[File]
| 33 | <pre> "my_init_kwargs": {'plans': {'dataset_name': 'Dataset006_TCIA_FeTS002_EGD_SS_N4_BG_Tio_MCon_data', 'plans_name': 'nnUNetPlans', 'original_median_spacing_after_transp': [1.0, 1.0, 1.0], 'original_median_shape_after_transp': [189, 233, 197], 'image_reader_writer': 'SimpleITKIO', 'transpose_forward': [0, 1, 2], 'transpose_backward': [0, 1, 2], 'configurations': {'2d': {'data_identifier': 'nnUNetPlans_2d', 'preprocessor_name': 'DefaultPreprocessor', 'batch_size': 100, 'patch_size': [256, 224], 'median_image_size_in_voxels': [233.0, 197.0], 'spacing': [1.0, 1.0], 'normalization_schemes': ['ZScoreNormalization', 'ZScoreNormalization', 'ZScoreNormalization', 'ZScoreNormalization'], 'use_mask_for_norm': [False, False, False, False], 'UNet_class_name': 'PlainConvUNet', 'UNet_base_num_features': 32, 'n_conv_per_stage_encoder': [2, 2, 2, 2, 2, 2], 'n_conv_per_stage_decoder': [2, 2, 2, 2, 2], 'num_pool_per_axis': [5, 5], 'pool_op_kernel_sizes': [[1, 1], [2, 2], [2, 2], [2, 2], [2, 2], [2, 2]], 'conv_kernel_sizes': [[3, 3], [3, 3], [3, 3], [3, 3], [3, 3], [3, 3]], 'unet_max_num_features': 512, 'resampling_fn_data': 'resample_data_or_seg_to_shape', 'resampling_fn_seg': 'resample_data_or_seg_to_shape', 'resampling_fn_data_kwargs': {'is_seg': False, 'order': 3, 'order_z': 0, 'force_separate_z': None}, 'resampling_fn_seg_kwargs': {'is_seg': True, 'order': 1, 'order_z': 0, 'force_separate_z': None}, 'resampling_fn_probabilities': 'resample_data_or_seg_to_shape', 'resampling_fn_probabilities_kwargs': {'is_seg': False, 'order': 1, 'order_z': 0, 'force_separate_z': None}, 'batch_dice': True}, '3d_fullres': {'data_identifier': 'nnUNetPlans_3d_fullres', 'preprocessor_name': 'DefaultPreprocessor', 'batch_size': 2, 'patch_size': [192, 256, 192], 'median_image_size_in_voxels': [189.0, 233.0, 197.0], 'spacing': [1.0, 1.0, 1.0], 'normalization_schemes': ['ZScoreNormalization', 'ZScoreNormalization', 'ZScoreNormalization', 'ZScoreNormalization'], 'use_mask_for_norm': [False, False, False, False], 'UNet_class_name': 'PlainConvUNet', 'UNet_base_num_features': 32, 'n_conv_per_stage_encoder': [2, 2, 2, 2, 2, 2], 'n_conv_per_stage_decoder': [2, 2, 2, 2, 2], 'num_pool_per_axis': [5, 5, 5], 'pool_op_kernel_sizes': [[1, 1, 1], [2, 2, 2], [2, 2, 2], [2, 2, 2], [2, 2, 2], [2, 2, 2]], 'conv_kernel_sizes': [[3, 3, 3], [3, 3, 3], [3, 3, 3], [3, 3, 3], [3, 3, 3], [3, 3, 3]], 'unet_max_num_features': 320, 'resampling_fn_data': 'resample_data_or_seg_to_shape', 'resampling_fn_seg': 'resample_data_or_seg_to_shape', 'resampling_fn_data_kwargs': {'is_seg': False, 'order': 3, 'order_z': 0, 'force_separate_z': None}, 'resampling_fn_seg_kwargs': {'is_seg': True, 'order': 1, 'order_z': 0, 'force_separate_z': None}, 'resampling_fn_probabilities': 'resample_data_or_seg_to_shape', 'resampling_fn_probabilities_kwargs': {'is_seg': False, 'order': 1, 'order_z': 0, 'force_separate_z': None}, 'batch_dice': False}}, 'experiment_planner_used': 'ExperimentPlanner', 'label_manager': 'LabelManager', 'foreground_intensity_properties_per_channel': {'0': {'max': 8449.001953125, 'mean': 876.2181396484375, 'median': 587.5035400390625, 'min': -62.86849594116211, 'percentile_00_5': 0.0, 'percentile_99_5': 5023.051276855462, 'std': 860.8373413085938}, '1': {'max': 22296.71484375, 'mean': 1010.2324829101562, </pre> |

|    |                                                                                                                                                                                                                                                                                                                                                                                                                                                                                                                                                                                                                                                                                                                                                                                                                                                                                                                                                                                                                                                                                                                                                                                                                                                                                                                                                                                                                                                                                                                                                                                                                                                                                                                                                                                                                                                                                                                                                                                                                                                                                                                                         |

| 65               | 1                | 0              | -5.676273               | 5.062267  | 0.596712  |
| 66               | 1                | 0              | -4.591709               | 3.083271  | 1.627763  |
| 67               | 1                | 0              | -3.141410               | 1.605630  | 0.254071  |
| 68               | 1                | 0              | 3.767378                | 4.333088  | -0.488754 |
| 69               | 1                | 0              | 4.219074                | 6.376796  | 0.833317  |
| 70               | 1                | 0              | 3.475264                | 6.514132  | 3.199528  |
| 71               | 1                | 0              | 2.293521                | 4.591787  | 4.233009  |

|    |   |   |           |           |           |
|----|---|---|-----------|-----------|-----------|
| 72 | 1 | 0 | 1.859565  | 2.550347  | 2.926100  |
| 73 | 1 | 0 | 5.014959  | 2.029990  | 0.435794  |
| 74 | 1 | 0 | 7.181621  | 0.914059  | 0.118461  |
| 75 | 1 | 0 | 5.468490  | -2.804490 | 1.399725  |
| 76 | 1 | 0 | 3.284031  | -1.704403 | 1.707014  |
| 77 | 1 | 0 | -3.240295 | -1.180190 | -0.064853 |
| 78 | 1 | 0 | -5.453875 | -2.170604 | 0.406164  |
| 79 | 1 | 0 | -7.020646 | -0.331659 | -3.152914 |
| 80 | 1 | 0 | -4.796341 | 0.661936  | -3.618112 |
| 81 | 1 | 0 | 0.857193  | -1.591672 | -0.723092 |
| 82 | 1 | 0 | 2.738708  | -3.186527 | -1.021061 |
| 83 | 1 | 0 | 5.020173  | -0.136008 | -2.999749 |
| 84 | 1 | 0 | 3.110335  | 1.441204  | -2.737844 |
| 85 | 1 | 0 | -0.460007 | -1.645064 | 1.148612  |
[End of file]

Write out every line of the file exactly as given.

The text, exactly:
| 33 | <pre> "my_init_kwargs": {'plans': {'dataset_name': 'Dataset006_TCIA_FeTS002_EGD_SS_N4_BG_Tio_MCon_data', 'plans_name': 'nnUNetPlans', 'original_median_spacing_after_transp': [1.0, 1.0, 1.0], 'original_median_shape_after_transp': [189, 233, 197], 'image_reader_writer': 'SimpleITKIO', 'transpose_forward': [0, 1, 2], 'transpose_backward': [0, 1, 2], 'configurations': {'2d': {'data_identifier': 'nnUNetPlans_2d', 'preprocessor_name': 'DefaultPreprocessor', 'batch_size': 100, 'patch_size': [256, 224], 'median_image_size_in_voxels': [233.0, 197.0], 'spacing': [1.0, 1.0], 'normalization_schemes': ['ZScoreNormalization', 'ZScoreNormalization', 'ZScoreNormalization', 'ZScoreNormalization'], 'use_mask_for_norm': [False, False, False, False], 'UNet_class_name': 'PlainConvUNet', 'UNet_base_num_features': 32, 'n_conv_per_stage_encoder': [2, 2, 2, 2, 2, 2], 'n_conv_per_stage_decoder': [2, 2, 2, 2, 2], 'num_pool_per_axis': [5, 5], 'pool_op_kernel_sizes': [[1, 1], [2, 2], [2, 2], [2, 2], [2, 2], [2, 2]], 'conv_kernel_sizes': [[3, 3], [3, 3], [3, 3], [3, 3], [3, 3], [3, 3]], 'unet_max_num_features': 512, 'resampling_fn_data': 'resample_data_or_seg_to_shape', 'resampling_fn_seg': 'resample_data_or_seg_to_shape', 'resampling_fn_data_kwargs': {'is_seg': False, 'order': 3, 'order_z': 0, 'force_separate_z': None}, 'resampling_fn_seg_kwargs': {'is_seg': True, 'order': 1, 'order_z': 0, 'force_separate_z': None}, 'resampling_fn_probabilities': 'resample_data_or_seg_to_shape', 'resampling_fn_probabilities_kwargs': {'is_seg': False, 'order': 1, 'order_z': 0, 'force_separate_z': None}, 'batch_dice': True}, '3d_fullres': {'data_identifier': 'nnUNetPlans_3d_fullres', 'preprocessor_name': 'DefaultPreprocessor', 'batch_size': 2, 'patch_size': [192, 256, 192], 'median_image_size_in_voxels': [189.0, 233.0, 197.0], 'spacing': [1.0, 1.0, 1.0], 'normalization_schemes': ['ZScoreNormalization', 'ZScoreNormalization', 'ZScoreNormalization', 'ZScoreNormalization'], 'use_mask_for_norm': [False, False, False, False], 'UNet_class_name': 'PlainConvUNet', 'UNet_base_num_features': 32, 'n_conv_per_stage_encoder': [2, 2, 2, 2, 2, 2], 'n_conv_per_stage_decoder': [2, 2, 2, 2, 2], 'num_pool_per_axis': [5, 5, 5], 'pool_op_kernel_sizes': [[1, 1, 1], [2, 2, 2], [2, 2, 2], [2, 2, 2], [2, 2, 2], [2, 2, 2]], 'conv_kernel_sizes': [[3, 3, 3], [3, 3, 3], [3, 3, 3], [3, 3, 3], [3, 3, 3], [3, 3, 3]], 'unet_max_num_features': 320, 'resampling_fn_data': 'resample_data_or_seg_to_shape', 'resampling_fn_seg': 'resample_data_or_seg_to_shape', 'resampling_fn_data_kwargs': {'is_seg': False, 'order': 3, 'order_z': 0, 'force_separate_z': None}, 'resampling_fn_seg_kwargs': {'is_seg': True, 'order': 1, 'order_z': 0, 'force_separate_z': None}, 'resampling_fn_probabilities': 'resample_data_or_seg_to_shape', 'resampling_fn_probabilities_kwargs': {'is_seg': False, 'order': 1, 'order_z': 0, 'force_separate_z': None}, 'batch_dice': False}}, 'experiment_planner_used': 'ExperimentPlanner', 'label_manager': 'LabelManager', 'foreground_intensity_properties_per_channel': {'0': {'max': 8449.001953125, 'mean': 876.2181396484375, 'median': 587.5035400390625, 'min': -62.86849594116211, 'percentile_00_5': 0.0, 'percentile_99_5': 5023.051276855462, 'std': 860.8373413085938}, '1': {'max': 22296.71484375, 'mean': 1010.2324829101562, </pre> |

|    |                                                                                                                                                                                                                                                                                                                                                                                                                                                                                                                                                                                                                                                                                                                                                                                                                                                                                                                                                                                                                                                                                                                                                                                                                                                                                                                                                                                                                                                                                                                                                                                                                                                                                                                                                                                                                                                                                                                                                                                                                                                                                                                                         |

| 65               | 1                | 0              | -5.676273               | 5.062267  | 0.596712  |
| 66               | 1                | 0              | -4.591709               | 3.083271  | 1.627763  |
| 67               | 1                | 0              | -3.141410               | 1.605630  | 0.254071  |
| 68               | 1                | 0              | 3.767378                | 4.333088  | -0.488754 |
| 69               | 1                | 0              | 4.219074                | 6.376796  | 0.833317  |
| 70               | 1                | 0              | 3.475264                | 6.514132  | 3.199528  |
| 71               | 1                | 0              | 2.293521                | 4.591787  | 4.233009  |

|    |   |   |           |           |           |
|----|---|---|-----------|-----------|-----------|
| 72 | 1 | 0 | 1.859565  | 2.550347  | 2.926100  |
| 73 | 1 | 0 | 5.014959  | 2.029990  | 0.435794  |
| 74 | 1 | 0 | 7.181621  | 0.914059  | 0.118461  |
| 75 | 1 | 0 | 5.468490  | -2.804490 | 1.399725  |
| 76 | 1 | 0 | 3.284031  | -1.704403 | 1.707014  |
| 77 | 1 | 0 | -3.240295 | -1.180190 | -0.064853 |
| 78 | 1 | 0 | -5.453875 | -2.170604 | 0.406164  |
| 79 | 1 | 0 | -7.020646 | -0.331659 | -3.152914 |
| 80 | 1 | 0 | -4.796341 | 0.661936  | -3.618112 |
| 81 | 1 | 0 | 0.857193  | -1.591672 | -0.723092 |
| 82 | 1 | 0 | 2.738708  | -3.186527 | -1.021061 |
| 83 | 1 | 0 | 5.020173  | -0.136008 | -2.999749 |
| 84 | 1 | 0 | 3.110335  | 1.441204  | -2.737844 |
| 85 | 1 | 0 | -0.460007 | -1.645064 | 1.148612  |